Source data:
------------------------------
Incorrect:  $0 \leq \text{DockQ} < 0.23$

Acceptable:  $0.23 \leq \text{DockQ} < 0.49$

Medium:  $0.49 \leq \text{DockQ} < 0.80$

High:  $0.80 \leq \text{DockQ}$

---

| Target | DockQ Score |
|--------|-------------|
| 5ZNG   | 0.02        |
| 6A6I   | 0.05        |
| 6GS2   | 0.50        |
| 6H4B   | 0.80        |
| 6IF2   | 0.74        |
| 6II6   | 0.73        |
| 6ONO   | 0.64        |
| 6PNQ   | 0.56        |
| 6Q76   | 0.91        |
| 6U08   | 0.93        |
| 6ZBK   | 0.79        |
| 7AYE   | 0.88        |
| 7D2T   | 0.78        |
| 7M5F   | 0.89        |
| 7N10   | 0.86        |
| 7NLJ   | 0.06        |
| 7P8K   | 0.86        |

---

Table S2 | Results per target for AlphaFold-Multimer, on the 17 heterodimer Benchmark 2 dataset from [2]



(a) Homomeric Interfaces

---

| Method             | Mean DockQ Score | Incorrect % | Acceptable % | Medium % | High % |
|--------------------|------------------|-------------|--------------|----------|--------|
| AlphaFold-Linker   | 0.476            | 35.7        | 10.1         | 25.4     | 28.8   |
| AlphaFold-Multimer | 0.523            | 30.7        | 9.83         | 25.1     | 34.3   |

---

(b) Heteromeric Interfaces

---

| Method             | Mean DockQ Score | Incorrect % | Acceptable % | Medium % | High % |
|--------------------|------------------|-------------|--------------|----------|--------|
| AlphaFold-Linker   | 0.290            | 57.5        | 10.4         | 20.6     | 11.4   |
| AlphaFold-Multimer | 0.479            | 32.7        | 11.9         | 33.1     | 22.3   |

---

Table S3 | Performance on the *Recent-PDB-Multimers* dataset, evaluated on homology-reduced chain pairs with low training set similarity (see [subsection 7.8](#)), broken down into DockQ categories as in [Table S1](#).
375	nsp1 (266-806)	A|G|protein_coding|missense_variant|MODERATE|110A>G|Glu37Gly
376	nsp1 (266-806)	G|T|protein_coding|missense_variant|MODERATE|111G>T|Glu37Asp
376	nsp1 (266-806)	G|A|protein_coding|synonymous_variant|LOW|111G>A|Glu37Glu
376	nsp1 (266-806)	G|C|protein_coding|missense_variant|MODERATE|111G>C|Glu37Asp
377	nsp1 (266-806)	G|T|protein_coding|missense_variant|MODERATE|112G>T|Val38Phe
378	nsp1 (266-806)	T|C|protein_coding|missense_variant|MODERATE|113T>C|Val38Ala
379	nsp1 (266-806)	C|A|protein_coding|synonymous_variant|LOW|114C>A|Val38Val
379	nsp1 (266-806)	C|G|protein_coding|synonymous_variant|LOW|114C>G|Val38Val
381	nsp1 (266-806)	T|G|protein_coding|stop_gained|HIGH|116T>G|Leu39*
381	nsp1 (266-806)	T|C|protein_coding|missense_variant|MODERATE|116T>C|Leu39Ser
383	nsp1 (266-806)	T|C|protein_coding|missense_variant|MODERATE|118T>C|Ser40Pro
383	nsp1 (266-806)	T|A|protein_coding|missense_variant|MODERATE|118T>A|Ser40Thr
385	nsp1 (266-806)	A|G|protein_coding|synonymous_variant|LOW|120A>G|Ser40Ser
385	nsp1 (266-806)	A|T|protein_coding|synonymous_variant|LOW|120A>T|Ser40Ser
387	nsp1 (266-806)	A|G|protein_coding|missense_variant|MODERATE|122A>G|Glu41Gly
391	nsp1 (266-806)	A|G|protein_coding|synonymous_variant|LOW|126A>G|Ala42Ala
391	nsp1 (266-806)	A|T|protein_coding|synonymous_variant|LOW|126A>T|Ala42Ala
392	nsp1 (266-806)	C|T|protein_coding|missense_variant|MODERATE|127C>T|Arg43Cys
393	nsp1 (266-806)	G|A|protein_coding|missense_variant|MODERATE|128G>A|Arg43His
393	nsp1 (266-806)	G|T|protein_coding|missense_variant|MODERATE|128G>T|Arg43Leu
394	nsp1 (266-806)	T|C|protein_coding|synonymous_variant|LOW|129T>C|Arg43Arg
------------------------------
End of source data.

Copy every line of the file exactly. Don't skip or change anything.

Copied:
Incorrect:  $0 \leq \text{DockQ} < 0.23$

Acceptable:  $0.23 \leq \text{DockQ} < 0.49$

Medium:  $0.49 \leq \text{DockQ} < 0.80$

High:  $0.80 \leq \text{DockQ}$

---

| Target | DockQ Score |
|--------|-------------|
| 5ZNG   | 0.02        |
| 6A6I   | 0.05        |
| 6GS2   | 0.50        |
| 6H4B   | 0.80        |
| 6IF2   | 0.74        |
| 6II6   | 0.73        |
| 6ONO   | 0.64        |
| 6PNQ   | 0.56        |
| 6Q76   | 0.91        |
| 6U08   | 0.93        |
| 6ZBK   | 0.79        |
| 7AYE   | 0.88        |
| 7D2T   | 0.78        |
| 7M5F   | 0.89        |
| 7N10   | 0.86        |
| 7NLJ   | 0.06        |
| 7P8K   | 0.86        |

---

Table S2 | Results per target for AlphaFold-Multimer, on the 17 heterodimer Benchmark 2 dataset from [2]



(a) Homomeric Interfaces

---

| Method             | Mean DockQ Score | Incorrect % | Acceptable % | Medium % | High % |
|--------------------|------------------|-------------|--------------|----------|--------|
| AlphaFold-Linker   | 0.476            | 35.7        | 10.1         | 25.4     | 28.8   |
| AlphaFold-Multimer | 0.523            | 30.7        | 9.83         | 25.1     | 34.3   |

---

(b) Heteromeric Interfaces

---

| Method             | Mean DockQ Score | Incorrect % | Acceptable % | Medium % | High % |
|--------------------|------------------|-------------|--------------|----------|--------|
| AlphaFold-Linker   | 0.290            | 57.5        | 10.4         | 20.6     | 11.4   |
| AlphaFold-Multimer | 0.479            | 32.7        | 11.9         | 33.1     | 22.3   |

---

Table S3 | Performance on the *Recent-PDB-Multimers* dataset, evaluated on homology-reduced chain pairs with low training set similarity (see [subsection 7.8](#)), broken down into DockQ categories as in [Table S1](#).
375	nsp1 (266-806)	A|G|protein_coding|missense_variant|MODERATE|110A>G|Glu37Gly
376	nsp1 (266-806)	G|T|protein_coding|missense_variant|MODERATE|111G>T|Glu37Asp
376	nsp1 (266-806)	G|A|protein_coding|synonymous_variant|LOW|111G>A|Glu37Glu
376	nsp1 (266-806)	G|C|protein_coding|missense_variant|MODERATE|111G>C|Glu37Asp
377	nsp1 (266-806)	G|T|protein_coding|missense_variant|MODERATE|112G>T|Val38Phe
378	nsp1 (266-806)	T|C|protein_coding|missense_variant|MODERATE|113T>C|Val38Ala
379	nsp1 (266-806)	C|A|protein_coding|synonymous_variant|LOW|114C>A|Val38Val
379	nsp1 (266-806)	C|G|protein_coding|synonymous_variant|LOW|114C>G|Val38Val
381	nsp1 (266-806)	T|G|protein_coding|stop_gained|HIGH|116T>G|Leu39*
381	nsp1 (266-806)	T|C|protein_coding|missense_variant|MODERATE|116T>C|Leu39Ser
383	nsp1 (266-806)	T|C|protein_coding|missense_variant|MODERATE|118T>C|Ser40Pro
383	nsp1 (266-806)	T|A|protein_coding|missense_variant|MODERATE|118T>A|Ser40Thr
385	nsp1 (266-806)	A|G|protein_coding|synonymous_variant|LOW|120A>G|Ser40Ser
385	nsp1 (266-806)	A|T|protein_coding|synonymous_variant|LOW|120A>T|Ser40Ser
387	nsp1 (266-806)	A|G|protein_coding|missense_variant|MODERATE|122A>G|Glu41Gly
391	nsp1 (266-806)	A|G|protein_coding|synonymous_variant|LOW|126A>G|Ala42Ala
391	nsp1 (266-806)	A|T|protein_coding|synonymous_variant|LOW|126A>T|Ala42Ala
392	nsp1 (266-806)	C|T|protein_coding|missense_variant|MODERATE|127C>T|Arg43Cys
393	nsp1 (266-806)	G|A|protein_coding|missense_variant|MODERATE|128G>A|Arg43His
393	nsp1 (266-806)	G|T|protein_coding|missense_variant|MODERATE|128G>T|Arg43Leu
394	nsp1 (266-806)	T|C|protein_coding|synonymous_variant|LOW|129T>C|Arg43Arg